At the moment, ADHD is at the heart of the Specialized Foundation, as it was inspired by Mike Sinyard's own struggle with ADHD and his passion to improve the lives of kids with ADHD.
What role do medications, like Ritalin, play in treating ADHD?
We're in favor of exploring all treatment options for kids struggling with ADHD or ADHD-like symptoms, and we believe the best approach to treating symptoms is to look at the whole child. Cycling may be part of a comprehensive treatment program, or may be prescribed as the sole therapy. Physicians and families have observed the benefits that physical activities can have for some children with ADHD, but the formal research to explain those benefits are lacking at the moment. Our hope is to one day understand how each individual is affected by genetics, the environment, and other factors, as well as how treatments like exercise make a difference from one person to the next.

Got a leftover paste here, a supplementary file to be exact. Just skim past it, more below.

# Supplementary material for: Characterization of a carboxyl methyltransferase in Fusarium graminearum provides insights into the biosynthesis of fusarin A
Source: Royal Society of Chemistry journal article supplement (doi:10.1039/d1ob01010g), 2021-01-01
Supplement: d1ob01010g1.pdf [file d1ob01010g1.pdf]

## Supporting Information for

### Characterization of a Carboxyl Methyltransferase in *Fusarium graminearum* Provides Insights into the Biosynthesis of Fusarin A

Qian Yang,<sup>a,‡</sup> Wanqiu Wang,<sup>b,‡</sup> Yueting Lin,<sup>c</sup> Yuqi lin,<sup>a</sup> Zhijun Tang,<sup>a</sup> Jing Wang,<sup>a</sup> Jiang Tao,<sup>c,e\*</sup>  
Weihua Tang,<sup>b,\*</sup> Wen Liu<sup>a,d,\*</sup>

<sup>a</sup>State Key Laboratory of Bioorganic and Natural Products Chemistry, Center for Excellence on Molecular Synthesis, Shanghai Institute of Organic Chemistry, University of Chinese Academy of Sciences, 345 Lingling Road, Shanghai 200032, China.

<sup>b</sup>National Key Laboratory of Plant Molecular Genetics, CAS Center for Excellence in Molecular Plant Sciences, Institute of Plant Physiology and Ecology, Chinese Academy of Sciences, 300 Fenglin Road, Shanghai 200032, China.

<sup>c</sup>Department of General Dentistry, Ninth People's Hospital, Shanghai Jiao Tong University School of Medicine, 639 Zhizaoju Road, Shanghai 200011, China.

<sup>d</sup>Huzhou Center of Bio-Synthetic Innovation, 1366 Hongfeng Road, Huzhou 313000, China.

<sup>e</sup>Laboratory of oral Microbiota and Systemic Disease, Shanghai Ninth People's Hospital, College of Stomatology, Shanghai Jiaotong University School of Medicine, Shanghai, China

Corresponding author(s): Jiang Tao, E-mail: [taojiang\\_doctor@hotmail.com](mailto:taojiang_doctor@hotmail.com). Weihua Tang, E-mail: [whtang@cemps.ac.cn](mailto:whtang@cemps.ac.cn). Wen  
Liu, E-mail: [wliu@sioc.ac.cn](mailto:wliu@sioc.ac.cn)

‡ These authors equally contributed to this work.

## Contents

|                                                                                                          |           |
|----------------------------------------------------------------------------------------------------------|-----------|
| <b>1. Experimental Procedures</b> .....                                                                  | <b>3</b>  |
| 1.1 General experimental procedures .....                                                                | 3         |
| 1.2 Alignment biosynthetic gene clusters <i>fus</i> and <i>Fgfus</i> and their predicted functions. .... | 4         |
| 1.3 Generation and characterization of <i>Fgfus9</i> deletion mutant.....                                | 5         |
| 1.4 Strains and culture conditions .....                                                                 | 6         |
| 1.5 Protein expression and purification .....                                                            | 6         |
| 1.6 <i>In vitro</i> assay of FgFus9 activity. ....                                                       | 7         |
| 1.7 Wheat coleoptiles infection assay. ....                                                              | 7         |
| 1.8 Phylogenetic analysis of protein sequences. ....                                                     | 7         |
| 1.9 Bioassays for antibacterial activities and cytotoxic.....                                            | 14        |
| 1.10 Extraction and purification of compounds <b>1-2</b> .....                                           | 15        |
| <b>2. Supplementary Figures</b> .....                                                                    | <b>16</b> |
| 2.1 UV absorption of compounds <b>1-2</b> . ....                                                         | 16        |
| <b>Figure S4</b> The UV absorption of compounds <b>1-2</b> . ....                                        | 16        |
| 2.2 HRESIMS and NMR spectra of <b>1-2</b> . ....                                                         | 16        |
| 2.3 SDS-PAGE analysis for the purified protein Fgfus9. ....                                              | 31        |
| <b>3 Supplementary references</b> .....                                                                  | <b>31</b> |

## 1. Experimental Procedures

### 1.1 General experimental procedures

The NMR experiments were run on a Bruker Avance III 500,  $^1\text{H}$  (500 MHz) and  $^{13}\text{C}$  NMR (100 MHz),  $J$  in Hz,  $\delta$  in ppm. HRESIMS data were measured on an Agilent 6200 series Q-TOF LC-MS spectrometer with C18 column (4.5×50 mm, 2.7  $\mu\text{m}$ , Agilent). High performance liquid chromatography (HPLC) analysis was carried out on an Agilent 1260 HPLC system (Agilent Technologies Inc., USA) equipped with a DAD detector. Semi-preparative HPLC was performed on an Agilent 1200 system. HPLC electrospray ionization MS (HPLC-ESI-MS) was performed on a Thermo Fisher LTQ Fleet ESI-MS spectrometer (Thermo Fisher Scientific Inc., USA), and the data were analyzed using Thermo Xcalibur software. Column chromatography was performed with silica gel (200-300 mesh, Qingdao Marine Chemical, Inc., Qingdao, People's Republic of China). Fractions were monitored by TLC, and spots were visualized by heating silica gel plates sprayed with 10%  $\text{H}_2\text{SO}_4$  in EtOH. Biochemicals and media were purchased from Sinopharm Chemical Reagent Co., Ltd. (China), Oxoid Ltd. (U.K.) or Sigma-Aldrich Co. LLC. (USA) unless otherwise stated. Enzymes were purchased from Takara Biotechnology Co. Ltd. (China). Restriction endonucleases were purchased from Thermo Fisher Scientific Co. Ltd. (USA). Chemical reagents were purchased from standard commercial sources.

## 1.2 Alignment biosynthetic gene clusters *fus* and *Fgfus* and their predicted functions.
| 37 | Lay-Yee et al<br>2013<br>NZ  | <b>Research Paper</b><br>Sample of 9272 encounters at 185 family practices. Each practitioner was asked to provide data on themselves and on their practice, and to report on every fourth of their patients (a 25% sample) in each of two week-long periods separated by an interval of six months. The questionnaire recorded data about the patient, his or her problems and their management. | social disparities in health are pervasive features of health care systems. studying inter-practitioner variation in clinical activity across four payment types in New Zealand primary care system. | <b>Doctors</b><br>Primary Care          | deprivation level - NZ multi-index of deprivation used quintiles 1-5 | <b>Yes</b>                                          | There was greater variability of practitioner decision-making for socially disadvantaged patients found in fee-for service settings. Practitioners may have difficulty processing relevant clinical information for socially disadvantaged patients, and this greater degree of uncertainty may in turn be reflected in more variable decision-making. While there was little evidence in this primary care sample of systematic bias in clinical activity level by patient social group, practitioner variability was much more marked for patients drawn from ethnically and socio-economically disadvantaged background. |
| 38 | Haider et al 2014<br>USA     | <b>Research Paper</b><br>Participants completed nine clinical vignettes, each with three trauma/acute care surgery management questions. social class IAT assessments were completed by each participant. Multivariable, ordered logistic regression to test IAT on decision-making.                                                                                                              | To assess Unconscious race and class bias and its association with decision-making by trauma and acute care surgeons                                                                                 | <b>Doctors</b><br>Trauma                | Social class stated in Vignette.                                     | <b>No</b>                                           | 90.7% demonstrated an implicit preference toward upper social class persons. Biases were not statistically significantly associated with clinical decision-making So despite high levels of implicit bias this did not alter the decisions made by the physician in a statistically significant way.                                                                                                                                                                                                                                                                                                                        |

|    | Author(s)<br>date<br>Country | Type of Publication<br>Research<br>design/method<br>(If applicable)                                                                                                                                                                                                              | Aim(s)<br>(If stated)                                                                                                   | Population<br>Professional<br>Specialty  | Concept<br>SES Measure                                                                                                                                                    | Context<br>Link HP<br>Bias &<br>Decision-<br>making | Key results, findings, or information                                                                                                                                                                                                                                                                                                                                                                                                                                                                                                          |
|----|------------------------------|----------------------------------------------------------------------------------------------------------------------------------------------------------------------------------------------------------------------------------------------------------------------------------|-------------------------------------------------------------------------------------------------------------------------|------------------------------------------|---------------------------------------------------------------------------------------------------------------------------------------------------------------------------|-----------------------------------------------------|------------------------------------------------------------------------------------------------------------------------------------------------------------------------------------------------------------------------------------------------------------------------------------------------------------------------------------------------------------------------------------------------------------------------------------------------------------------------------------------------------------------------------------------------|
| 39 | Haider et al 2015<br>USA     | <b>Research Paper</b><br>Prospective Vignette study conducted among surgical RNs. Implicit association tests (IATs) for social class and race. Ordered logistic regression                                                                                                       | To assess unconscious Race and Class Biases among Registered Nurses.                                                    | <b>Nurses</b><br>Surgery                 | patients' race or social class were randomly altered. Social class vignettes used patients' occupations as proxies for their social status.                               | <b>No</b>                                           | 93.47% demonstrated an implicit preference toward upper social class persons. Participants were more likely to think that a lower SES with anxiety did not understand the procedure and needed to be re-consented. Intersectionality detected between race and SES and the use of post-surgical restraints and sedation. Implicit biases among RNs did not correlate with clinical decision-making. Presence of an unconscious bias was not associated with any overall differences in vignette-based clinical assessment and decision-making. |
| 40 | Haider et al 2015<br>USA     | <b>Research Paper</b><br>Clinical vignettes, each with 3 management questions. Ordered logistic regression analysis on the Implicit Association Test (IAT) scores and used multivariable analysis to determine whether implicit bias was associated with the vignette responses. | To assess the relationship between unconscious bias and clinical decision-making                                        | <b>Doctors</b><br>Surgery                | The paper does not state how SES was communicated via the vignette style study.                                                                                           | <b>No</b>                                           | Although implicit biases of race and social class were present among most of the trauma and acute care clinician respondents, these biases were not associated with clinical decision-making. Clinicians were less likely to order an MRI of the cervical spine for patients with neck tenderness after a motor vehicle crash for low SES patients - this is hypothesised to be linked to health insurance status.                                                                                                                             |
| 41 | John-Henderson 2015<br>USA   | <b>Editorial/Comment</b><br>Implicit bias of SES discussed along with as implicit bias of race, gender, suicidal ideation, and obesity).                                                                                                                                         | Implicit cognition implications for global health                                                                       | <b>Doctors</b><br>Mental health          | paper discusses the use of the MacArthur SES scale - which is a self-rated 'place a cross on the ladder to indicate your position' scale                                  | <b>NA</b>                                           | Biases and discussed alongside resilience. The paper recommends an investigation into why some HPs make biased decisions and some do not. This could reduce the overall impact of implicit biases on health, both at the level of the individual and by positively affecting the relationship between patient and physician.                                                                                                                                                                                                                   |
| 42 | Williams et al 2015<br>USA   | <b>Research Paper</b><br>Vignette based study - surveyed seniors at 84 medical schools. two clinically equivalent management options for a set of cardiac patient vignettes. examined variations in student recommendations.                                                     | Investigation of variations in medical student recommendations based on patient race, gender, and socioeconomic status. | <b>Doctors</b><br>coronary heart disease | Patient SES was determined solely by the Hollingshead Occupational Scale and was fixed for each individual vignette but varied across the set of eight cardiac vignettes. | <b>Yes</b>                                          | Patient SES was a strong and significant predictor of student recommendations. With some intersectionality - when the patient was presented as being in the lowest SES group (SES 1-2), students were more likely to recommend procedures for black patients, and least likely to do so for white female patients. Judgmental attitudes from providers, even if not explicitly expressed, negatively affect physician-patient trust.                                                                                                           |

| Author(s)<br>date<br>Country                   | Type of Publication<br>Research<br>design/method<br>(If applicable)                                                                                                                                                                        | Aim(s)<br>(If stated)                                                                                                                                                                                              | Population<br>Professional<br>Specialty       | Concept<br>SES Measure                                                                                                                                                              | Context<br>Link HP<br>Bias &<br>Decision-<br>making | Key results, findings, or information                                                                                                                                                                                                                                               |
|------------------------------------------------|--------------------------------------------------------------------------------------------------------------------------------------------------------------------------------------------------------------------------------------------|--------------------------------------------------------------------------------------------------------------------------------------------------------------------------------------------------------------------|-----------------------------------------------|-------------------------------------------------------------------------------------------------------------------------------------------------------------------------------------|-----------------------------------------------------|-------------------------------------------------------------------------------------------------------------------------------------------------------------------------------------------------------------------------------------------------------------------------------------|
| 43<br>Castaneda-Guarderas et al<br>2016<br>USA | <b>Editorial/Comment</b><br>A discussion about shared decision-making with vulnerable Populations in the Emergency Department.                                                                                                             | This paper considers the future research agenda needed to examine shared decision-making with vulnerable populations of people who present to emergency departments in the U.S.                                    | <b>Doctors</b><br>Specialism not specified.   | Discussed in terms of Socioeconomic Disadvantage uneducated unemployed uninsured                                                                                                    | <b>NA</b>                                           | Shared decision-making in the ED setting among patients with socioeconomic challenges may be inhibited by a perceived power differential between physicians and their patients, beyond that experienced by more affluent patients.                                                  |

What is the age range for the cycling program and why?
Our research and curriculum is primarily focused on middle school kids, ages 11 to 14. There are many reasons for why we chose this age range. Middle school is the period when academics start to become really important, and students are expected to keep focused more than they were required in primary school. Middle school age is also manageable for teachers to take kids riding off campus.
We hope that by making cycling a normal part of their day in school, it'll encourage more of them to maintain the habit. We expect that kids of all ages will benefit from cycling, but our research findings will only address kids in middle school.